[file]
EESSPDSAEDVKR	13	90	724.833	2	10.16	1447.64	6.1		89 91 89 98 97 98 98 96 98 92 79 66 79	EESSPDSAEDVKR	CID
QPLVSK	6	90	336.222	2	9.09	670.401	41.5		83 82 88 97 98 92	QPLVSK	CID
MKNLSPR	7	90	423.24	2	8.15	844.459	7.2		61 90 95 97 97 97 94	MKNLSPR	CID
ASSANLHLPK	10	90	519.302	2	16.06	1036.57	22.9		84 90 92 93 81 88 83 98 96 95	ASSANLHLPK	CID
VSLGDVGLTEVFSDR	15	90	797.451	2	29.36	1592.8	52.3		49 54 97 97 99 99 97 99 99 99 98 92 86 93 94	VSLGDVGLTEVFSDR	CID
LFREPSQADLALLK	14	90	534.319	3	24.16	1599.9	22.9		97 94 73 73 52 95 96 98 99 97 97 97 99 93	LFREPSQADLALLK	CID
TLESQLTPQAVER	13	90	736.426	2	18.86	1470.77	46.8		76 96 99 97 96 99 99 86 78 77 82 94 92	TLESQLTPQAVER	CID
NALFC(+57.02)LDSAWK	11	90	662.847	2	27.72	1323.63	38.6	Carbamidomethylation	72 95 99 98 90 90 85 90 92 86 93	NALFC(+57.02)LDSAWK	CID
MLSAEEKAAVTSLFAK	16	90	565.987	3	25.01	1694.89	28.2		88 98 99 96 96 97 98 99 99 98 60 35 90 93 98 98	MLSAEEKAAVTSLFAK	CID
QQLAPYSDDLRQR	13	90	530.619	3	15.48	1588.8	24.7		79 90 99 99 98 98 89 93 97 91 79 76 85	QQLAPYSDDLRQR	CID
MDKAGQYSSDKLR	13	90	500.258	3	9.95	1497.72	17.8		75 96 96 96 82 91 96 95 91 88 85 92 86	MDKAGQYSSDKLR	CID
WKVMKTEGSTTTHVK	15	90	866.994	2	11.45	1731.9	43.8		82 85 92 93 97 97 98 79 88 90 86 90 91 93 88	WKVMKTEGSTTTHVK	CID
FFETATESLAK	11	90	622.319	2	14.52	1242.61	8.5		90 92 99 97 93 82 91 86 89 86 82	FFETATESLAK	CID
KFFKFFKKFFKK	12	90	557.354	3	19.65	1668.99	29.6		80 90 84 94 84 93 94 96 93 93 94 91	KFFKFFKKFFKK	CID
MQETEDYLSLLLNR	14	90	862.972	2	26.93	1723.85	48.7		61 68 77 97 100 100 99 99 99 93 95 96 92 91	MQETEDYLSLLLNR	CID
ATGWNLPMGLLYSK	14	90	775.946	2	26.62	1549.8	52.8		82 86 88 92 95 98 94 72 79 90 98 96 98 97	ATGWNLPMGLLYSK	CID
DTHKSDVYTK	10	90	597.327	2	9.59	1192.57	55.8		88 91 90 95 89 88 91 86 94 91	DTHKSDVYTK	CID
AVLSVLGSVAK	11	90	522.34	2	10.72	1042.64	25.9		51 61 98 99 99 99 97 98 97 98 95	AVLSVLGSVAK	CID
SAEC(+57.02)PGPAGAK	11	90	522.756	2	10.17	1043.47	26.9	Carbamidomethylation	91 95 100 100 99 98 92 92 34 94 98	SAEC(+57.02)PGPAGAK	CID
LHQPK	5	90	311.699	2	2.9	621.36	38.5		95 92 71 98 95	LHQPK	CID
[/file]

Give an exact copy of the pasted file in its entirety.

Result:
EESSPDSAEDVKR	13	90	724.833	2	10.16	1447.64	6.1		89 91 89 98 97 98 98 96 98 92 79 66 79	EESSPDSAEDVKR	CID
QPLVSK	6	90	336.222	2	9.09	670.401	41.5		83 82 88 97 98 92	QPLVSK	CID
MKNLSPR	7	90	423.24	2	8.15	844.459	7.2		61 90 95 97 97 97 94	MKNLSPR	CID
ASSANLHLPK	10	90	519.302	2	16.06	1036.57	22.9		84 90 92 93 81 88 83 98 96 95	ASSANLHLPK	CID
VSLGDVGLTEVFSDR	15	90	797.451	2	29.36	1592.8	52.3		49 54 97 97 99 99 97 99 99 99 98 92 86 93 94	VSLGDVGLTEVFSDR	CID
LFREPSQADLALLK	14	90	534.319	3	24.16	1599.9	22.9		97 94 73 73 52 95 96 98 99 97 97 97 99 93	LFREPSQADLALLK	CID
TLESQLTPQAVER	13	90	736.426	2	18.86	1470.77	46.8		76 96 99 97 96 99 99 86 78 77 82 94 92	TLESQLTPQAVER	CID
NALFC(+57.02)LDSAWK	11	90	662.847	2	27.72	1323.63	38.6	Carbamidomethylation	72 95 99 98 90 90 85 90 92 86 93	NALFC(+57.02)LDSAWK	CID
MLSAEEKAAVTSLFAK	16	90	565.987	3	25.01	1694.89	28.2		88 98 99 96 96 97 98 99 99 98 60 35 90 93 98 98	MLSAEEKAAVTSLFAK	CID
QQLAPYSDDLRQR	13	90	530.619	3	15.48	1588.8	24.7		79 90 99 99 98 98 89 93 97 91 79 76 85	QQLAPYSDDLRQR	CID
MDKAGQYSSDKLR	13	90	500.258	3	9.95	1497.72	17.8		75 96 96 96 82 91 96 95 91 88 85 92 86	MDKAGQYSSDKLR	CID
WKVMKTEGSTTTHVK	15	90	866.994	2	11.45	1731.9	43.8		82 85 92 93 97 97 98 79 88 90 86 90 91 93 88	WKVMKTEGSTTTHVK	CID
FFETATESLAK	11	90	622.319	2	14.52	1242.61	8.5		90 92 99 97 93 82 91 86 89 86 82	FFETATESLAK	CID
KFFKFFKKFFKK	12	90	557.354	3	19.65	1668.99	29.6		80 90 84 94 84 93 94 96 93 93 94 91	KFFKFFKKFFKK	CID
MQETEDYLSLLLNR	14	90	862.972	2	26.93	1723.85	48.7		61 68 77 97 100 100 99 99 99 93 95 96 92 91	MQETEDYLSLLLNR	CID
ATGWNLPMGLLYSK	14	90	775.946	2	26.62	1549.8	52.8		82 86 88 92 95 98 94 72 79 90 98 96 98 97	ATGWNLPMGLLYSK	CID
DTHKSDVYTK	10	90	597.327	2	9.59	1192.57	55.8		88 91 90 95 89 88 91 86 94 91	DTHKSDVYTK	CID
AVLSVLGSVAK	11	90	522.34	2	10.72	1042.64	25.9		51 61 98 99 99 99 97 98 97 98 95	AVLSVLGSVAK	CID
SAEC(+57.02)PGPAGAK	11	90	522.756	2	10.17	1043.47	26.9	Carbamidomethylation	91 95 100 100 99 98 92 92 34 94 98	SAEC(+57.02)PGPAGAK	CID
LHQPK	5	90	311.699	2	2.9	621.36	38.5		95 92 71 98 95	LHQPK	CID